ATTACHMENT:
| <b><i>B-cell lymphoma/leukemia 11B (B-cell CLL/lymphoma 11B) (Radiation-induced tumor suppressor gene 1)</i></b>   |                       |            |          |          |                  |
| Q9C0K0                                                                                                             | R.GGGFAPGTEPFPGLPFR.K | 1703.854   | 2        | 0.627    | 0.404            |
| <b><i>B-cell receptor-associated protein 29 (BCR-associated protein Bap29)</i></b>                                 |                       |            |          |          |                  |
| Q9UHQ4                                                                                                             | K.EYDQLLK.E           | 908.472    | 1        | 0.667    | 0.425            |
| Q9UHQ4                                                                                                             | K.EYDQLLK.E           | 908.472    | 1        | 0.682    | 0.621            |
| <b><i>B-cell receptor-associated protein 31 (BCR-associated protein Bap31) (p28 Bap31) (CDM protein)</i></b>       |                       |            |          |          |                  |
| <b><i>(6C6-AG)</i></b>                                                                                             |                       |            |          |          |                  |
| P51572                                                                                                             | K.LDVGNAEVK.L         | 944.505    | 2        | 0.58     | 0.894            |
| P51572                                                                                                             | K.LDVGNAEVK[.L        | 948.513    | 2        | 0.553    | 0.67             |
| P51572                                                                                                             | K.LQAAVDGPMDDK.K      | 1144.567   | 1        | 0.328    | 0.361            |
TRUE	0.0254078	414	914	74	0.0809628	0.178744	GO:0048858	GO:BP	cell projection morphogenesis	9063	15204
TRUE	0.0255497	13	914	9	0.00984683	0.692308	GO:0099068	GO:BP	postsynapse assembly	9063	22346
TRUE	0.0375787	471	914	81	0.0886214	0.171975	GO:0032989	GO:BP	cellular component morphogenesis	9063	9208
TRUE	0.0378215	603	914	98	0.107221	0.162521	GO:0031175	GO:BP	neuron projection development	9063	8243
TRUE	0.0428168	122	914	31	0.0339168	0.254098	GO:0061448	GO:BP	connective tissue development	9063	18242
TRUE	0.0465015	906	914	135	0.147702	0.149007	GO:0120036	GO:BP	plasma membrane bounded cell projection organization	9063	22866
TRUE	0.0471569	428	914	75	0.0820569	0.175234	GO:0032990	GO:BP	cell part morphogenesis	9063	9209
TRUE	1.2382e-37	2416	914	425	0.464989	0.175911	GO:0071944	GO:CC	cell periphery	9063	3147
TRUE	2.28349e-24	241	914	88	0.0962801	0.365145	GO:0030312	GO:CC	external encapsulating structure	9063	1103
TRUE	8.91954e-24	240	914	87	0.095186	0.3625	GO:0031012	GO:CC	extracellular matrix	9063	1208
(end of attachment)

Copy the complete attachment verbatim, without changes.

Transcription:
| <b><i>B-cell lymphoma/leukemia 11B (B-cell CLL/lymphoma 11B) (Radiation-induced tumor suppressor gene 1)</i></b>   |                       |            |          |          |                  |
| Q9C0K0                                                                                                             | R.GGGFAPGTEPFPGLPFR.K | 1703.854   | 2        | 0.627    | 0.404            |
| <b><i>B-cell receptor-associated protein 29 (BCR-associated protein Bap29)</i></b>                                 |                       |            |          |          |                  |
| Q9UHQ4                                                                                                             | K.EYDQLLK.E           | 908.472    | 1        | 0.667    | 0.425            |
| Q9UHQ4                                                                                                             | K.EYDQLLK.E           | 908.472    | 1        | 0.682    | 0.621            |
| <b><i>B-cell receptor-associated protein 31 (BCR-associated protein Bap31) (p28 Bap31) (CDM protein)</i></b>       |                       |            |          |          |                  |
| <b><i>(6C6-AG)</i></b>                                                                                             |                       |            |          |          |                  |
| P51572                                                                                                             | K.LDVGNAEVK.L         | 944.505    | 2        | 0.58     | 0.894            |
| P51572                                                                                                             | K.LDVGNAEVK[.L        | 948.513    | 2        | 0.553    | 0.67             |
| P51572                                                                                                             | K.LQAAVDGPMDDK.K      | 1144.567   | 1        | 0.328    | 0.361            |
TRUE	0.0254078	414	914	74	0.0809628	0.178744	GO:0048858	GO:BP	cell projection morphogenesis	9063	15204
TRUE	0.0255497	13	914	9	0.00984683	0.692308	GO:0099068	GO:BP	postsynapse assembly	9063	22346
TRUE	0.0375787	471	914	81	0.0886214	0.171975	GO:0032989	GO:BP	cellular component morphogenesis	9063	9208
TRUE	0.0378215	603	914	98	0.107221	0.162521	GO:0031175	GO:BP	neuron projection development	9063	8243
TRUE	0.0428168	122	914	31	0.0339168	0.254098	GO:0061448	GO:BP	connective tissue development	9063	18242
TRUE	0.0465015	906	914	135	0.147702	0.149007	GO:0120036	GO:BP	plasma membrane bounded cell projection organization	9063	22866
TRUE	0.0471569	428	914	75	0.0820569	0.175234	GO:0032990	GO:BP	cell part morphogenesis	9063	9209
TRUE	1.2382e-37	2416	914	425	0.464989	0.175911	GO:0071944	GO:CC	cell periphery	9063	3147
TRUE	2.28349e-24	241	914	88	0.0962801	0.365145	GO:0030312	GO:CC	external encapsulating structure	9063	1103
TRUE	8.91954e-24	240	914	87	0.095186	0.3625	GO:0031012	GO:CC	extracellular matrix	9063	1208